Conglobated Pillbug (probably Armadillidium vulgare) from BC
Well, whatever you call them, sowbugs are one of the more successful lineages of land animals. We usually think of crustaceans (crabs, lobsters, crayfish, shrimp, prawns, and the like) as being inhabitants of the oceans, but most of the 3600 described species of the suborder Oniscidea are fully terrestrial.  An exception are members of the family Ligiidae that live an amphibious existence along the coast (see Ted MacRae’s great post). The earliest known fully terrestrial isopods are Eocene fossils from after the great extinction event that removed the dinosaurs inter alia at the end of the Cretaceous Period. Perhaps one or more ancestral amphibious sowbug found life on land easy in the brave new Eocene world, but in any case, their descendants have colonized most of the landmasses on earth (Antarctica and a few small islands excepted). Mostly they all do the same thing – eat decomposing plant  matter and so are ‘good bugs’, at least to any gardener that likes a healthy garden.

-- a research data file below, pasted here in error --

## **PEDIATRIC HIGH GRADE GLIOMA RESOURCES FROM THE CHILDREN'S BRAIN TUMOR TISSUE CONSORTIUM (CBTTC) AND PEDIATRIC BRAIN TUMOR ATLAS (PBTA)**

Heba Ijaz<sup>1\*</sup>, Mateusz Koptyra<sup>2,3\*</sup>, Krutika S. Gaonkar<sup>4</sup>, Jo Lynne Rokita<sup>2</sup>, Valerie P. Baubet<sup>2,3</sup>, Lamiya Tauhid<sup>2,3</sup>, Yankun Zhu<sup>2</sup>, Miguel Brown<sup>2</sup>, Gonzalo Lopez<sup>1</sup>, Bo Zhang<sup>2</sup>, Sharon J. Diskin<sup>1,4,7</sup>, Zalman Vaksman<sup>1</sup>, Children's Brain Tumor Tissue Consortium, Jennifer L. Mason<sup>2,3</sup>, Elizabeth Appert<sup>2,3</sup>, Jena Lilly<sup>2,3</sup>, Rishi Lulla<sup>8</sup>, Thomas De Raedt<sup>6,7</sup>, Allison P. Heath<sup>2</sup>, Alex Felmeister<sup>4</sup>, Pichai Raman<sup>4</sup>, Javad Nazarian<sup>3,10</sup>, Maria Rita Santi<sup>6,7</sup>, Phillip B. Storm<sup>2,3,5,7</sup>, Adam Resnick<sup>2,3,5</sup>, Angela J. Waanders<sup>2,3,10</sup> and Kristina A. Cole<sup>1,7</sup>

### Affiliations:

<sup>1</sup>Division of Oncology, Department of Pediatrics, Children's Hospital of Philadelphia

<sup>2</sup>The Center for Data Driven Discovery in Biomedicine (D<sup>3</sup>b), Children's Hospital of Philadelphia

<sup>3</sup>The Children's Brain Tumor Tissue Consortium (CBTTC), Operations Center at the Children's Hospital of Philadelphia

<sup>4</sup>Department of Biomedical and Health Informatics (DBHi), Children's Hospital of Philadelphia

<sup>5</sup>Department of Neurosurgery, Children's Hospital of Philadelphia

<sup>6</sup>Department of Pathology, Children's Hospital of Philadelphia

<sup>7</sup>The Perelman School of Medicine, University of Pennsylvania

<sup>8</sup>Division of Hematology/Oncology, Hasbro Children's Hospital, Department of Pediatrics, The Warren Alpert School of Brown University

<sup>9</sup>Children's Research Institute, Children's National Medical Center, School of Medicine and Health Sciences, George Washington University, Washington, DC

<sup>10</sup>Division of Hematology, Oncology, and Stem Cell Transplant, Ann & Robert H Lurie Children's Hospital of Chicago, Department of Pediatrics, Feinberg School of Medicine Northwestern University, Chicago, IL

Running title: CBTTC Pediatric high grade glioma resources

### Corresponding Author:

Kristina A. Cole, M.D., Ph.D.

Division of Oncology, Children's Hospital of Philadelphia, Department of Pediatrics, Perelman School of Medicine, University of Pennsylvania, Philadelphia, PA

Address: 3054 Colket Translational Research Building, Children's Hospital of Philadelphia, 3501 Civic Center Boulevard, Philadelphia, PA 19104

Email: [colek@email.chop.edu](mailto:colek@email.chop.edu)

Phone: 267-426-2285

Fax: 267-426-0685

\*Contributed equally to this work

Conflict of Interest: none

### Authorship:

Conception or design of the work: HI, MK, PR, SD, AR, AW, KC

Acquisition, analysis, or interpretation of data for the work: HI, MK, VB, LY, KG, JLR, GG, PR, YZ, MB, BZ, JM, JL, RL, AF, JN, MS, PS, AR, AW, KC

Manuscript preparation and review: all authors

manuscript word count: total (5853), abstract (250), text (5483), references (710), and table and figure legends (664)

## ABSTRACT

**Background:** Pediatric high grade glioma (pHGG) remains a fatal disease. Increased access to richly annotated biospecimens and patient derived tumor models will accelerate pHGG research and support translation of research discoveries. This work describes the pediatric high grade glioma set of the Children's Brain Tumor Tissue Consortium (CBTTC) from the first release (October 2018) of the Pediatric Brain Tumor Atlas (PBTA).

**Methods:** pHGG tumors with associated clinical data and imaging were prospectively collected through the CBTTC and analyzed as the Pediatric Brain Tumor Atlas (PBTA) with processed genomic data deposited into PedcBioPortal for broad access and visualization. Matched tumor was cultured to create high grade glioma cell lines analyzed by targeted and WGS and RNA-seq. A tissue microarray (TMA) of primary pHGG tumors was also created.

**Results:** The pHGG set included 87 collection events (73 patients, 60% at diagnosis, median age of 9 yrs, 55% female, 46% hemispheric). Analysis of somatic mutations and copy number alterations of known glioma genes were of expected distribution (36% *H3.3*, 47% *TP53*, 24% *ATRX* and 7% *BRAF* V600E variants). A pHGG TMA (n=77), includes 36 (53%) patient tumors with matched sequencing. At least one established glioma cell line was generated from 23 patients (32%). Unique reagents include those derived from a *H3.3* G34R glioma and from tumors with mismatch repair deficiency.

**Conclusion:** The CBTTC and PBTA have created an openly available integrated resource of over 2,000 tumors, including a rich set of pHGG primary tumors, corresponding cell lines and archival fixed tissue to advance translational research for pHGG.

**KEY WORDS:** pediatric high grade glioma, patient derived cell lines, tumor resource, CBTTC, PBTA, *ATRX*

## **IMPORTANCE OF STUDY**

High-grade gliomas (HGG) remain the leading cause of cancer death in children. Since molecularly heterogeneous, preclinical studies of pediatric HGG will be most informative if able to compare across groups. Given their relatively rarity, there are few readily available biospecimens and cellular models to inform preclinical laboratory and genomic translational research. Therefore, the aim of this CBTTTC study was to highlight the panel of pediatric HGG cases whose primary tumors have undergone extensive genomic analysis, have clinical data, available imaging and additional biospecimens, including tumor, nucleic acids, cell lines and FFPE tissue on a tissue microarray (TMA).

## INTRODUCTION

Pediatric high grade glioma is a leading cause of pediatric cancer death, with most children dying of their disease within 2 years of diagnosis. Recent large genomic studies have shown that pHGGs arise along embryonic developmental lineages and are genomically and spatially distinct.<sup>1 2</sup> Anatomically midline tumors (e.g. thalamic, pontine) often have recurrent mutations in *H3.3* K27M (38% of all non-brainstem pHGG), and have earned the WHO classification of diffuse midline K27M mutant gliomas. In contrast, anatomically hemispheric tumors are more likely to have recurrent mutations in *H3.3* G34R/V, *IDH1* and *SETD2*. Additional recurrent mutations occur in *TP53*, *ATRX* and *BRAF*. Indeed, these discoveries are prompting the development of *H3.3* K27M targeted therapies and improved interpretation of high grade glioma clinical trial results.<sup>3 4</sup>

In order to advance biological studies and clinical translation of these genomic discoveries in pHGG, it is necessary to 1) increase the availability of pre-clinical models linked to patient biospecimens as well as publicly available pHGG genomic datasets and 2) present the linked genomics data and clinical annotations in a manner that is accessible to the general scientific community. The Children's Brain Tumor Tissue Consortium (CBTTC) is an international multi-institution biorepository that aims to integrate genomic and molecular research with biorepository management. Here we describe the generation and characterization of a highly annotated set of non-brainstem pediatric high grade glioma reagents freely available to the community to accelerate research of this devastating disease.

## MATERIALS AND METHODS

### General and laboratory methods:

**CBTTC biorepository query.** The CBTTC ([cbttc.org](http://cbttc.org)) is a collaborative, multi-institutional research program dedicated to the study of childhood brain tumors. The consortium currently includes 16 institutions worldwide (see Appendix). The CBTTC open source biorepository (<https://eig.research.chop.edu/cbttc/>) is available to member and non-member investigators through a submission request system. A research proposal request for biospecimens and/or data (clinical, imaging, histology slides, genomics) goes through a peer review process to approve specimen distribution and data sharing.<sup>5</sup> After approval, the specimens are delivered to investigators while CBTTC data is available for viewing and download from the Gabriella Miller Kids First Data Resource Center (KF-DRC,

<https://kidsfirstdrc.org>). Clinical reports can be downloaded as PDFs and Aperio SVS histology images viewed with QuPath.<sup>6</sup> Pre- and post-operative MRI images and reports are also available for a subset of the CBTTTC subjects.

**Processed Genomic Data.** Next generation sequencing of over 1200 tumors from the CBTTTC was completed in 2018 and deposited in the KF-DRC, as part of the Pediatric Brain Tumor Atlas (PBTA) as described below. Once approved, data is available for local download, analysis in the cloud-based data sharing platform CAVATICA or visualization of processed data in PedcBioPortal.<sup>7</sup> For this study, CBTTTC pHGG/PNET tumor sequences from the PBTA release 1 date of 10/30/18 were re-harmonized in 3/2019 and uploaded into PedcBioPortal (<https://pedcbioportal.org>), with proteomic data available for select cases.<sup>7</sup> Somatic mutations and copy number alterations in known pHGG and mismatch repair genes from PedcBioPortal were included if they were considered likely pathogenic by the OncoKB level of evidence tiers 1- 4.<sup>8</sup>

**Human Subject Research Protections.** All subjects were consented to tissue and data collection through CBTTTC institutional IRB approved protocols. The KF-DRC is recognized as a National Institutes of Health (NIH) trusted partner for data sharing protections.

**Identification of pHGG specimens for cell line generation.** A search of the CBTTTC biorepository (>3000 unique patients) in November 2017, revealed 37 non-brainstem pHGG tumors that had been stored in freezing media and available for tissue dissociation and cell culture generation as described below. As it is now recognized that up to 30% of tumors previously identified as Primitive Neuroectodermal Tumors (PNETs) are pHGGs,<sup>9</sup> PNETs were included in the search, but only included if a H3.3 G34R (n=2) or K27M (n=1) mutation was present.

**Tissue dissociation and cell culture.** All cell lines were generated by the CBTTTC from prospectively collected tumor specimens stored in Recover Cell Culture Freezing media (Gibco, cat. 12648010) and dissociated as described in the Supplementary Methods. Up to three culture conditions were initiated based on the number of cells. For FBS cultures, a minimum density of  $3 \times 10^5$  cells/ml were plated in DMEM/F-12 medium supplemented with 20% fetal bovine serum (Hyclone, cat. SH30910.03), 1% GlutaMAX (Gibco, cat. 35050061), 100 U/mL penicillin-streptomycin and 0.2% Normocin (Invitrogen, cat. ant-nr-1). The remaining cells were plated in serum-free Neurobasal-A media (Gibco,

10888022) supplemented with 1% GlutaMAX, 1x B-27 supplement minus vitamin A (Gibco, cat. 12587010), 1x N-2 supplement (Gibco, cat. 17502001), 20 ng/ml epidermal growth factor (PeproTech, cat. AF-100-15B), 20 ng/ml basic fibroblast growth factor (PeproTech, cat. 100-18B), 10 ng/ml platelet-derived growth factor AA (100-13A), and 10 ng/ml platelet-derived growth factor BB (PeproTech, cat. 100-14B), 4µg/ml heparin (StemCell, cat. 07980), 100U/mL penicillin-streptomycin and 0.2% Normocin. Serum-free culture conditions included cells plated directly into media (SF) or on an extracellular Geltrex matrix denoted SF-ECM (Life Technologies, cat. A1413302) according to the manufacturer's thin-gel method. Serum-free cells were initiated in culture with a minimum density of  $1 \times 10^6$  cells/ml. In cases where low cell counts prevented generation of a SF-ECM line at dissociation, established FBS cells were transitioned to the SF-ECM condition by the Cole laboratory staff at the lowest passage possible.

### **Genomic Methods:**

Sowbug lurking in a crevice - something they do very well
Until about 9-10,000 years ago, Alberta was pretty much free of any animal life, let alone sowbugs. Any that once lived here would have been ground to dust by the glaciers and this state of affairs seems to have held until recently. My wife, who grew up in Edmonton and enjoyed turning over rocks to see what lived underneath, claims there were no sowbugs here when she was a child. Our friend John Acorn, a dedicated Albertan naturalist, supports her claim. Jass & Klausmeier (2000) list no records, whatsoever, of terrestrial isopods from Alberta. So, what is this slater living in my backyard?
Antennal spines (arrows), black head, dark midline stripe, yellow spots, arrangement of lungs, and other characters support Porcellio spinicornis Say, 1818